Lessons learnt through failure are lessons learnt forever

Failure as a feminist isn’t a new thing. It’s referenced in popular books and tv shows and if you look up ‘failure’ and ‘feminist’ in your favourite search engine you will get millions of results.

For that reason, when I reflect on my journey towards becoming a feminist and continuing to learn about feminism there is no one person or group of people I can point to and say that they’re the reason I am so inspired to push for intersectional feminism.

I grew up in a relatively conservative household with generic gender roles and an Anglican school with Christian values. I watched a lot of Hindi cinema which perpetuated traditional cultural thinking around gender at the time.

What drew me to feminism and gender-based policy was a series of events in my life. The main one being the murder of someone in my community. I didn’t know her well, but the ripple effects of that murder did and still do impact the decisions I make every day and push me to be a better feminist.

This is learning through failure.

It is the failure of the perpetrator, yes, but it’s also a failure within our systems and structures, its failure of society and culture. It is because of this failure in preventing this murder that I can identify the impacts of patriarchal structures on society and individual behaviour, I am mindful of inclusivity and make gains to try and support diversity with whatever influence I can.  

I think that a lot of people who experience the spectrum of violence due to facets of our identities (such as gender, race, sexuality, ability, socioeconomic status, and job type) and the intersections of these can attest to events that made them at the very least stop and reflect.

Humans and their feminism are inherently flawed. No one can be a perfect feminist and as we find more unique and descriptive ways of communicating our lived experiences in an imperfect world to achieve equity we need to continue to evolve as feminists and as allies.

I don’t know that I would be as driven a volunteer or advocate if I hadn’t been on the periphery of this incident. I continue to make mistakes and learn from them as a feminist and ally as I try to find the balance between creating a safe space for people to be who they are and learning how to best engage with them. What happened shouldn’t have happened, and to prevent violence we must continue to have the resilience to push through the smaller embarrassments when learning so that we as a society can progress and teach one another.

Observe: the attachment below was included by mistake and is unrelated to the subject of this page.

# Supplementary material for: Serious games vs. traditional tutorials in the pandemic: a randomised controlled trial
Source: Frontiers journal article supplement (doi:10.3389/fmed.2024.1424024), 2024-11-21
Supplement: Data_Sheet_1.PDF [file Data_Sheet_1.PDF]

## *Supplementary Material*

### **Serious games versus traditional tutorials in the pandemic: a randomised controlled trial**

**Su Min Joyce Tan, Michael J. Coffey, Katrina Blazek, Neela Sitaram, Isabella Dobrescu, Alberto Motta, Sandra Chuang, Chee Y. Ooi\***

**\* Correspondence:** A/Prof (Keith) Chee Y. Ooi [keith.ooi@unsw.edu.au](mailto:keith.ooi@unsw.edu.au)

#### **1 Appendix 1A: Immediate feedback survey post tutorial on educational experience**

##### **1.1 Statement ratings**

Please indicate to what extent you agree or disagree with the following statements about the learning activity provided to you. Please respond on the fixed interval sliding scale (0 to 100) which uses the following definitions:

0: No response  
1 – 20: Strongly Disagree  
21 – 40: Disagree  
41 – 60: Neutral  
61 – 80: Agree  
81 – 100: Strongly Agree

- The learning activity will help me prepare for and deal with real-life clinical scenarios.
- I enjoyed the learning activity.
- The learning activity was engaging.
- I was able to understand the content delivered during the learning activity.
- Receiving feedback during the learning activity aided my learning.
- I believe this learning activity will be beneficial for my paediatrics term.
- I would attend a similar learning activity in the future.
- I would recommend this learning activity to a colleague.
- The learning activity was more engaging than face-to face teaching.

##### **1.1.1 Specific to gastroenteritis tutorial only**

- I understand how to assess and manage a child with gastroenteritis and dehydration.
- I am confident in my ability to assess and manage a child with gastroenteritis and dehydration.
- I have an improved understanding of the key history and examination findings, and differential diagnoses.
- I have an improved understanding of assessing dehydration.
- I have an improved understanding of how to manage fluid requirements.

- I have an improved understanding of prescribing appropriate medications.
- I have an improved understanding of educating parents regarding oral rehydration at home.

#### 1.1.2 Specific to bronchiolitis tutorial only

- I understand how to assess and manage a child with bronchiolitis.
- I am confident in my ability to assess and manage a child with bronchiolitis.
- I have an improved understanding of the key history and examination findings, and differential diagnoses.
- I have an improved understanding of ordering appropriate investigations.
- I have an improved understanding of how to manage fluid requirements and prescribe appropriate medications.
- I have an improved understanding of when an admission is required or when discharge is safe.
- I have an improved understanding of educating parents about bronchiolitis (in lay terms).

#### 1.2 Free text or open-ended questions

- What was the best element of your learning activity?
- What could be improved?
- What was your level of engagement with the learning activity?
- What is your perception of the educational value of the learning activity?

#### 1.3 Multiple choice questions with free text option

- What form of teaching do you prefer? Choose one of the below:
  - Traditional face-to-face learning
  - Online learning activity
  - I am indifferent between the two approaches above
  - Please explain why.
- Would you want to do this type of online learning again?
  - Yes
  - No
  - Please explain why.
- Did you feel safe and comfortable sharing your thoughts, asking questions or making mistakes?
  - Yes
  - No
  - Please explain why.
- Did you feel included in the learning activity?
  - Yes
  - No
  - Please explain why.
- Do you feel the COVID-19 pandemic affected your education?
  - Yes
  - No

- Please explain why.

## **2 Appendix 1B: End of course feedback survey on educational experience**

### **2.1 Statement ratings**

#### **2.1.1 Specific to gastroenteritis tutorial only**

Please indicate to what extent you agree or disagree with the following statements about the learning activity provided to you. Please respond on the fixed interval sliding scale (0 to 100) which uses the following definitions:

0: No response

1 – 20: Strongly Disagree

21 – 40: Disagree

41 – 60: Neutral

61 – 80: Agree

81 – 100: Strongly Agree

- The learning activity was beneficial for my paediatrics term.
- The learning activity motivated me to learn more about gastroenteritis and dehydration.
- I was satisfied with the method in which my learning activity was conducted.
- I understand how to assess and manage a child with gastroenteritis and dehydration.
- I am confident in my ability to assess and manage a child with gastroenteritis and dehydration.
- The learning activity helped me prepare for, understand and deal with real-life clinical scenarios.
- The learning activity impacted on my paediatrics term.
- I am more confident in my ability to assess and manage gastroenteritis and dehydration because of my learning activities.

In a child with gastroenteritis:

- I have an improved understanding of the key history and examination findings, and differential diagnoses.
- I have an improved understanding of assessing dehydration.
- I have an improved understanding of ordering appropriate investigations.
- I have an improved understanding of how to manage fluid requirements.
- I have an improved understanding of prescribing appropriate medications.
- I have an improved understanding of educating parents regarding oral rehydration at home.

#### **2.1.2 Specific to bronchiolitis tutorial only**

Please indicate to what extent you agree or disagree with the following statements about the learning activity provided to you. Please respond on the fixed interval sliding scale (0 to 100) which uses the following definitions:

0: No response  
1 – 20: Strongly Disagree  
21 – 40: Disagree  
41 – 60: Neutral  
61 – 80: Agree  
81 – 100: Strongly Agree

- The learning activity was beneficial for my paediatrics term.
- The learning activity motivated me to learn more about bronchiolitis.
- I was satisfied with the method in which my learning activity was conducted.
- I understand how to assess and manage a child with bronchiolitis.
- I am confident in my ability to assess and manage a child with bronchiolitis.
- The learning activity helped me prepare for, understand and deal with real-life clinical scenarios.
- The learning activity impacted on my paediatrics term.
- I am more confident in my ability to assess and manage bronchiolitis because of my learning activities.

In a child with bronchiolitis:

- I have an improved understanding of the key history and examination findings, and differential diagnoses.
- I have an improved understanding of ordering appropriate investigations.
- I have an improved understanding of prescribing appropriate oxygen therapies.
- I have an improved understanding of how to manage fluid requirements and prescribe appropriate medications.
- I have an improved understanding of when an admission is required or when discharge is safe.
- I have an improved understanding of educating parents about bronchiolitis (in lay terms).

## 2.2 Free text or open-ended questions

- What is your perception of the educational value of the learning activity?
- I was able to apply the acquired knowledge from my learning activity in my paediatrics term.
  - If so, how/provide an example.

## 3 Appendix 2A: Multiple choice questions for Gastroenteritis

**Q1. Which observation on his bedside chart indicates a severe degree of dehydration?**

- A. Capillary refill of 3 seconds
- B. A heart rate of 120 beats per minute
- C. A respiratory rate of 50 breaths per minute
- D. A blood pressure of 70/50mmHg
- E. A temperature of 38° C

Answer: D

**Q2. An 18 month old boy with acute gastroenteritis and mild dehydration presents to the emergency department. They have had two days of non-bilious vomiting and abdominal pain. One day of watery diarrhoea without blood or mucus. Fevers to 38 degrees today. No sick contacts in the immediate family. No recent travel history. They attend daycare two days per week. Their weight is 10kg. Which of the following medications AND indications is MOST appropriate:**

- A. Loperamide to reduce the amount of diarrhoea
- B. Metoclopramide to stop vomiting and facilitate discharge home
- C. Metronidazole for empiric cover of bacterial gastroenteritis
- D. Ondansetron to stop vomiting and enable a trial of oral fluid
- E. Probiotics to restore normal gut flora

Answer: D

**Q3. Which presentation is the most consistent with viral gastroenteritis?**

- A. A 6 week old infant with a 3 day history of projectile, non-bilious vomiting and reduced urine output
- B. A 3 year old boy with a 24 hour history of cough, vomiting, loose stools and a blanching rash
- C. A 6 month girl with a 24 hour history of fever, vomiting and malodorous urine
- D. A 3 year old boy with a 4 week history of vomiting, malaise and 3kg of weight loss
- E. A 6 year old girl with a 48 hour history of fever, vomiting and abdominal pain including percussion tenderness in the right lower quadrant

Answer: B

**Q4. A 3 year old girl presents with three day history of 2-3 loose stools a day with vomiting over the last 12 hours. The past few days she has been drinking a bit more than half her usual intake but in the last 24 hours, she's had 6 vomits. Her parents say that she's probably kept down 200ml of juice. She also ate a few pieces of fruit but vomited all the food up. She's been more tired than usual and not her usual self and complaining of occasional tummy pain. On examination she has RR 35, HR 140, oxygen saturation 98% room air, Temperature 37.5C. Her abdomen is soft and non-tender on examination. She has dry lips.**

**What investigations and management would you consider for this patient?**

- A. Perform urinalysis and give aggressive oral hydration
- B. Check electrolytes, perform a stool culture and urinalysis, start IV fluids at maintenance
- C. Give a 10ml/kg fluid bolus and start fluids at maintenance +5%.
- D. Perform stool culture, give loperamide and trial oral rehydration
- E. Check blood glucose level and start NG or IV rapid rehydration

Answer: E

During my journey, I have worked with several fantastic Australian organisations doing good work in their communities including YWCA Australia, MoneyGirl, SisterWorks, Raise Our Voices Australia, the Australian South Asian Centre and GG’s Flowers. The people who work for these organisations are passionate and intelligent and have ambitious intersectional feminist agendas. They also have resources and programs to help people engage at the intersection in a safe and meaningful way. Learn from these failures and let them be fuel to make a meaningful impact and drive for change.

Aditi Malhotra is passionate about meaningful, equitable and dignified access to healthcare and social services. Most recently, Aditi championed the need for working collaboratively using an intersectional lens through her role as Chair of the Women’s Network at the Department of the Prime Minister and Cabinet. She is also one of YWCA Australia’s 2022 Board Trainees.

YWCA Australia wishes to acknowledge the Traditional Owners of the lands on which we work, live and play and pay our respects to Elders past and present. We recognise First Nations people as the custodians of the lands, seas and skies, with more than 60,000 years of wisdom, connection and relationship in caring for Country.

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